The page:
ADM declined to talk to us, but it's clear that the ethanol boom is behind a 160% surge in profits (to $1.3 billion) over the past two years. The big commodities processor is also a major factor in Europe's biodiesel industry, the most developed in the world, and its expertise is carrying over to its operations in the U.S. and Brazil.
If it's a pure ethanol producer you seek, consider Aventine Renewable Energy (symbol AVR). Since going public in June at $43, Aventine's shares have slumped to $24, making them far more attractive.
Tim Flannery, a hedge-fund manager at Front Point Partners, in Chicago, likes Pekin, Ill.-headquartered Aventine for its strong executive team, marketing skills and distribution capabilities. Anyone can throw up an ethanol plant in midwestern cornfields, but not many suppliers have the infrastructure to move the stuff around and satisfy customers such as ExxonMobil and Chevron. Aventine is both a major producer of ethanol and a distributor for other distillers. Front Point expects Aventine to earn $1.91 a share in 2006, swelling to $4.26 by 2008.
If ADM is the king of corn processing, then Bunge (BG) rules over oil seeds. So it's no surprise that Bunge, based in White Plains, N.Y., entered into biofuels through Europe's fast-growing biodiesel industry. In Europe, rapeseed (canola to North Americans) is the crop of choice for biodiesel. Now cosmopolitan Bunge is building biodiesel plants in Illinois to process soybean oil and has announced ethanol projects in Iowa and Mississippi situated near Bunge corn elevators. Bunge is also the largest supplier of fertilizer and crop nutrients to Brazil, an agricultural powerhouse.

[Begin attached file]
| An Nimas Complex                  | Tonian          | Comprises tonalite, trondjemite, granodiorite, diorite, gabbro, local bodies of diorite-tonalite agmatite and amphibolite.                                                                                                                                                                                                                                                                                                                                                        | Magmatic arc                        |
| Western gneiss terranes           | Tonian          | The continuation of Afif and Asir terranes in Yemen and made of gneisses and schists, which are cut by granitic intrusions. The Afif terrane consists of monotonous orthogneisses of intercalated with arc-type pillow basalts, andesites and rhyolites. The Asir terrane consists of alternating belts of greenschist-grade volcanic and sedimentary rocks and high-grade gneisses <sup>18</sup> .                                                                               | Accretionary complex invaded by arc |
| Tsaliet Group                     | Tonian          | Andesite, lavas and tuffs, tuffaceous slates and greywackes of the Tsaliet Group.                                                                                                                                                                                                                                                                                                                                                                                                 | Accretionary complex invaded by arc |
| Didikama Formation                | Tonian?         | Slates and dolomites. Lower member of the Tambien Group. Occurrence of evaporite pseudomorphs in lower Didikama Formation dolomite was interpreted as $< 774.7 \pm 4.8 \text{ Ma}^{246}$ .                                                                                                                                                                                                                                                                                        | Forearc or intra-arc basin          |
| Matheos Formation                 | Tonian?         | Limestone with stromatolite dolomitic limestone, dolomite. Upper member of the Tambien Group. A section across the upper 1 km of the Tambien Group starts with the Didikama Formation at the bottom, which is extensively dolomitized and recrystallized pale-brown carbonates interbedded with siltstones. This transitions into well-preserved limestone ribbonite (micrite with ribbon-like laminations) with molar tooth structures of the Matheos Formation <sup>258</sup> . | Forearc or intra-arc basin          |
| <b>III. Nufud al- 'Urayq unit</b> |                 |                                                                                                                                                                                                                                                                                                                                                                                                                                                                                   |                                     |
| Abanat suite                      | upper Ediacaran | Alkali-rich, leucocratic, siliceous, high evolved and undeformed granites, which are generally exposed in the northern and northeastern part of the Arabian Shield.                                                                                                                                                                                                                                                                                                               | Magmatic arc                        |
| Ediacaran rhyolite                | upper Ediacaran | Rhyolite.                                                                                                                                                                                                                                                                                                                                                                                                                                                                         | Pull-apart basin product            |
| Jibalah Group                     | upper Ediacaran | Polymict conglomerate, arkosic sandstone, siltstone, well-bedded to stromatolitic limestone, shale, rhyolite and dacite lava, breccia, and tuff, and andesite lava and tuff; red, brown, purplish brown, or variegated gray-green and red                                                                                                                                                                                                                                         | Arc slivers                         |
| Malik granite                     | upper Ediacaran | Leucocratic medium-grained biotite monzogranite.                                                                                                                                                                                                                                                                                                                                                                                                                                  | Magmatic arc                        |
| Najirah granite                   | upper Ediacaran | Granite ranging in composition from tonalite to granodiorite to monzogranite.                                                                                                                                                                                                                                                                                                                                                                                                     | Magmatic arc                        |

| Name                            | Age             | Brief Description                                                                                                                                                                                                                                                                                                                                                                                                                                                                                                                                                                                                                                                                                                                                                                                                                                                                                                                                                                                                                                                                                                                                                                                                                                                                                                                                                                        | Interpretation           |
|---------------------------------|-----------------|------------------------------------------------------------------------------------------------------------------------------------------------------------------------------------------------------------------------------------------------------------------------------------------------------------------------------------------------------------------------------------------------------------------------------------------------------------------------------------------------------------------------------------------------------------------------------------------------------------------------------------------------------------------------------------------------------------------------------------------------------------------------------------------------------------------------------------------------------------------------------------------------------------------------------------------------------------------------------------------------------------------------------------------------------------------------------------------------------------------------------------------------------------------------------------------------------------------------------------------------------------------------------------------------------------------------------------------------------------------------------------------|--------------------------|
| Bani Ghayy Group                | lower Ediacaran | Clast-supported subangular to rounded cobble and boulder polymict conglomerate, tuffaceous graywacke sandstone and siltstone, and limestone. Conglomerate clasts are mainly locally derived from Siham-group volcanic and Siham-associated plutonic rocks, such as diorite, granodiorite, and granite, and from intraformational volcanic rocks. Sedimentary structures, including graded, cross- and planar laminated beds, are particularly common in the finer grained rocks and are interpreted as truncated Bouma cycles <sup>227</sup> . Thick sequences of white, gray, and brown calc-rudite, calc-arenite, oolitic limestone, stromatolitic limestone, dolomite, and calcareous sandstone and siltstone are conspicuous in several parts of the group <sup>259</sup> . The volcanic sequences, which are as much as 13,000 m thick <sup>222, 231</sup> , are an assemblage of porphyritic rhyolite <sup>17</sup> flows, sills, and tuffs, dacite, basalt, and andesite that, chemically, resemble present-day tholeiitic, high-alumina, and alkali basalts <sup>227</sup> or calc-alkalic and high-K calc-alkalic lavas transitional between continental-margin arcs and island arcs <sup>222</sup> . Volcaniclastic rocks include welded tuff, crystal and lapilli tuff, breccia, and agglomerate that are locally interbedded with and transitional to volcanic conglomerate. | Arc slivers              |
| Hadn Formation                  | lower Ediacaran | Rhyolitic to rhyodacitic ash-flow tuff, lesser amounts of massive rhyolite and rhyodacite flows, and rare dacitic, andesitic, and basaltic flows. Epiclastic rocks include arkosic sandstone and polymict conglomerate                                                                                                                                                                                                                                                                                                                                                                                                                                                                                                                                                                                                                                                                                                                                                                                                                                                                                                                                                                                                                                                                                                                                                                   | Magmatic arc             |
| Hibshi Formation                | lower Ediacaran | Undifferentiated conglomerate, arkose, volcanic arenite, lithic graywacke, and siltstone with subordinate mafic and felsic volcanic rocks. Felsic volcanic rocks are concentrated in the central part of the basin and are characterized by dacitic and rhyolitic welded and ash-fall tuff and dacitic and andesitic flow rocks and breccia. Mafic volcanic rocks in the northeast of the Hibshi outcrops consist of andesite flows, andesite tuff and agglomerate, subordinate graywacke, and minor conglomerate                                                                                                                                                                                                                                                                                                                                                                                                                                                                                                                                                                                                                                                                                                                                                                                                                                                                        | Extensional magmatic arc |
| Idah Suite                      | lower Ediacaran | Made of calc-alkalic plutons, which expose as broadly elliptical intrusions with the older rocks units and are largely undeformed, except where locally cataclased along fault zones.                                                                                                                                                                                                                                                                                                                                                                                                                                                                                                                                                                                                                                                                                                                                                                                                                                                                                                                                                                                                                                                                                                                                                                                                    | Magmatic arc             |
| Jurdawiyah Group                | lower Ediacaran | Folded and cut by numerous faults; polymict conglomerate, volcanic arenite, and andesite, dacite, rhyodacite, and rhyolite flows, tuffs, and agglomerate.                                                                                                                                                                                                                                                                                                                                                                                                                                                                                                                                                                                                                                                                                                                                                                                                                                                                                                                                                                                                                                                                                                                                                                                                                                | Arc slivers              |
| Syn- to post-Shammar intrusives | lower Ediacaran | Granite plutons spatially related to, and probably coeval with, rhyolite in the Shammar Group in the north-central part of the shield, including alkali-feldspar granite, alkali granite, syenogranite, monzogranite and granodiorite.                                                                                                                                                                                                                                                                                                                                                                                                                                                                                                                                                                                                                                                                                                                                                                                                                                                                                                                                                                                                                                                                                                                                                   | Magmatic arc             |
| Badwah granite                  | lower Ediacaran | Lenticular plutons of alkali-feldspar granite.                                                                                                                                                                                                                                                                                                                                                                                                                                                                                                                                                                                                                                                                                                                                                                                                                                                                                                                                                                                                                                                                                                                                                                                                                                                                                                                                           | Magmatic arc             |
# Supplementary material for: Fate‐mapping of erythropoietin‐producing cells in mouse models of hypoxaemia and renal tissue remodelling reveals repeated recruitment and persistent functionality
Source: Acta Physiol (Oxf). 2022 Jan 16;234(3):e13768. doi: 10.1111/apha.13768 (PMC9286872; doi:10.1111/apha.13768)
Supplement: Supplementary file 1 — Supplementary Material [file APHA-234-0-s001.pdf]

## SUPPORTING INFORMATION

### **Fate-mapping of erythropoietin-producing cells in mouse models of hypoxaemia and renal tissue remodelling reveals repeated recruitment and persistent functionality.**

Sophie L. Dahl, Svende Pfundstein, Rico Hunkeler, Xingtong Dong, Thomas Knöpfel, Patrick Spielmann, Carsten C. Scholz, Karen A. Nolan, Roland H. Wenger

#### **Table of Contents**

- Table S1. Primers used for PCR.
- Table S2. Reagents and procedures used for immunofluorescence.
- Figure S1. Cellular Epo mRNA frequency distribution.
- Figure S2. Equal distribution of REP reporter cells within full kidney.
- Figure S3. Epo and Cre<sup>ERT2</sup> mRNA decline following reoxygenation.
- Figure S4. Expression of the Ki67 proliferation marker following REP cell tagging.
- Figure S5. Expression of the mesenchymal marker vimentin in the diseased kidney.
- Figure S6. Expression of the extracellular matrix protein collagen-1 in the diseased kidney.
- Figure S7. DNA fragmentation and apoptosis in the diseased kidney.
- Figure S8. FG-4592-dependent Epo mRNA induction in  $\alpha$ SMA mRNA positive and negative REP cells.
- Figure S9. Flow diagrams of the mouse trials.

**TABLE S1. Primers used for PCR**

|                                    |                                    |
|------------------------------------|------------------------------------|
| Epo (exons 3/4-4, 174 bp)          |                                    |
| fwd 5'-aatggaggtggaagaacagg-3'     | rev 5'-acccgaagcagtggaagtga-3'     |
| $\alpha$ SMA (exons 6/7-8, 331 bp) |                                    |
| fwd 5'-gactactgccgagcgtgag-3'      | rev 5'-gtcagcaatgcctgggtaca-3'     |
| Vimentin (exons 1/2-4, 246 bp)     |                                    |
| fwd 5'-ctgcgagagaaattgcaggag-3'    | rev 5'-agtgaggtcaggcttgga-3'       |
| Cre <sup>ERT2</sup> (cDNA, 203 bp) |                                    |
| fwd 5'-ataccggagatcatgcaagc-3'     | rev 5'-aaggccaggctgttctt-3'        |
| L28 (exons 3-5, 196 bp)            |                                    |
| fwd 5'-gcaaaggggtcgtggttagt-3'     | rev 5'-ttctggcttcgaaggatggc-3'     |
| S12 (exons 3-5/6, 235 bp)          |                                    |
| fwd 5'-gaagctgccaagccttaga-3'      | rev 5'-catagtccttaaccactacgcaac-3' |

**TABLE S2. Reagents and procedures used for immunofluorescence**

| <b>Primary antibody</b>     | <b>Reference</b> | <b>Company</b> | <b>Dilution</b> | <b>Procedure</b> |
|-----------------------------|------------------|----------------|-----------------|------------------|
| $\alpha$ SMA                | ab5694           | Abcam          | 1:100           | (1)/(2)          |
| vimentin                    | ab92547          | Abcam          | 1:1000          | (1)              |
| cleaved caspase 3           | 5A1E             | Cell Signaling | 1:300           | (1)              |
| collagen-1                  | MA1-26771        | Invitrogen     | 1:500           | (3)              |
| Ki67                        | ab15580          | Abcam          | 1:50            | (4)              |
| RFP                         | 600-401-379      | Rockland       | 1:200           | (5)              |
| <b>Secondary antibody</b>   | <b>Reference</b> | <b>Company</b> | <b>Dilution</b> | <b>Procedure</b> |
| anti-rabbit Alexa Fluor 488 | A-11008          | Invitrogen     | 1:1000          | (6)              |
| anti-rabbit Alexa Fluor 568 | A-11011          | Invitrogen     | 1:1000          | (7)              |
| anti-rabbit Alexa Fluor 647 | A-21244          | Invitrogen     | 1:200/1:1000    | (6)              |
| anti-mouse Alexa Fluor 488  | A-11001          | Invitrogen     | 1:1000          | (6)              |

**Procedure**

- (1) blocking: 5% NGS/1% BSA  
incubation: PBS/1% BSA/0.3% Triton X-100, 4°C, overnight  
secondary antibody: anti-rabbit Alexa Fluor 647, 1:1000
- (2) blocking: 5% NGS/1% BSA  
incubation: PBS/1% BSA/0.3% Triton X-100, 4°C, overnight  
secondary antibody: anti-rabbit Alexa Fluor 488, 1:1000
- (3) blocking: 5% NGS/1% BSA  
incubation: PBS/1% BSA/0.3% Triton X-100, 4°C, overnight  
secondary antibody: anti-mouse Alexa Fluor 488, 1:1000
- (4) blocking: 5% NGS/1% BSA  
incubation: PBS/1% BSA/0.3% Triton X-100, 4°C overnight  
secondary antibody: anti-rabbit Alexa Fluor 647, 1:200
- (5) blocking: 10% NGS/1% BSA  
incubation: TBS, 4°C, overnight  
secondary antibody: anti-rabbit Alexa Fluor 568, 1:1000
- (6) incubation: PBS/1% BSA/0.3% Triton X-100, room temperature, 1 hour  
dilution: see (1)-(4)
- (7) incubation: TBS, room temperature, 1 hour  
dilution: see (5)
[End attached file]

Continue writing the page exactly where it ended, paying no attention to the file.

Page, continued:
Brazil is a global leader in the ethanol industry. By law, local gasoline must contain at least 20% ethanol. Ethanol already accounts for a third of gasoline volume sold there, ten times the ratio in the U.S. Because sugar cane yields far more ethanol per acre than corn does, Brazil is a much-lower-cost producer of the biofuel.
You can play Brazil's ethanol market through Petrobras (PBR), whose shares trade in the U.S. as American depositary receipts. The company doesn't produce ethanol, but as the nation's dominant oil refiner and the largest gas-station operator, Petrobras is the world's largest purchaser of ethanol. Lucas Mello, an investor-relations official for Petrobras, notes that the company distributes ethanol-blended gasoline to customers such as Shell and ExxonMobil. Mello thinks Petrobras will eventually become a huge exporter of ethanol to energy-hungry Japan, China and India. The cheapest of the four stocks mentioned here, Petrobras trades at six times estimated 2007 earnings.
Key players: Four companies that are big in biofuels
Despite all the hoopla surrounding alternative energy, the four stocks listed below are not particularly expensive, and one, Petrobras, looks to be dirt-cheap. Only Avenine Renewable Energy is a pure play on biofules, and it's uinquestionably the riskiest of the four stocks.
Data to September 18. *Based on 2007 estimated earnings. **Based on fiscal year ending June 30. Source: Thomson Financial, Yahoo.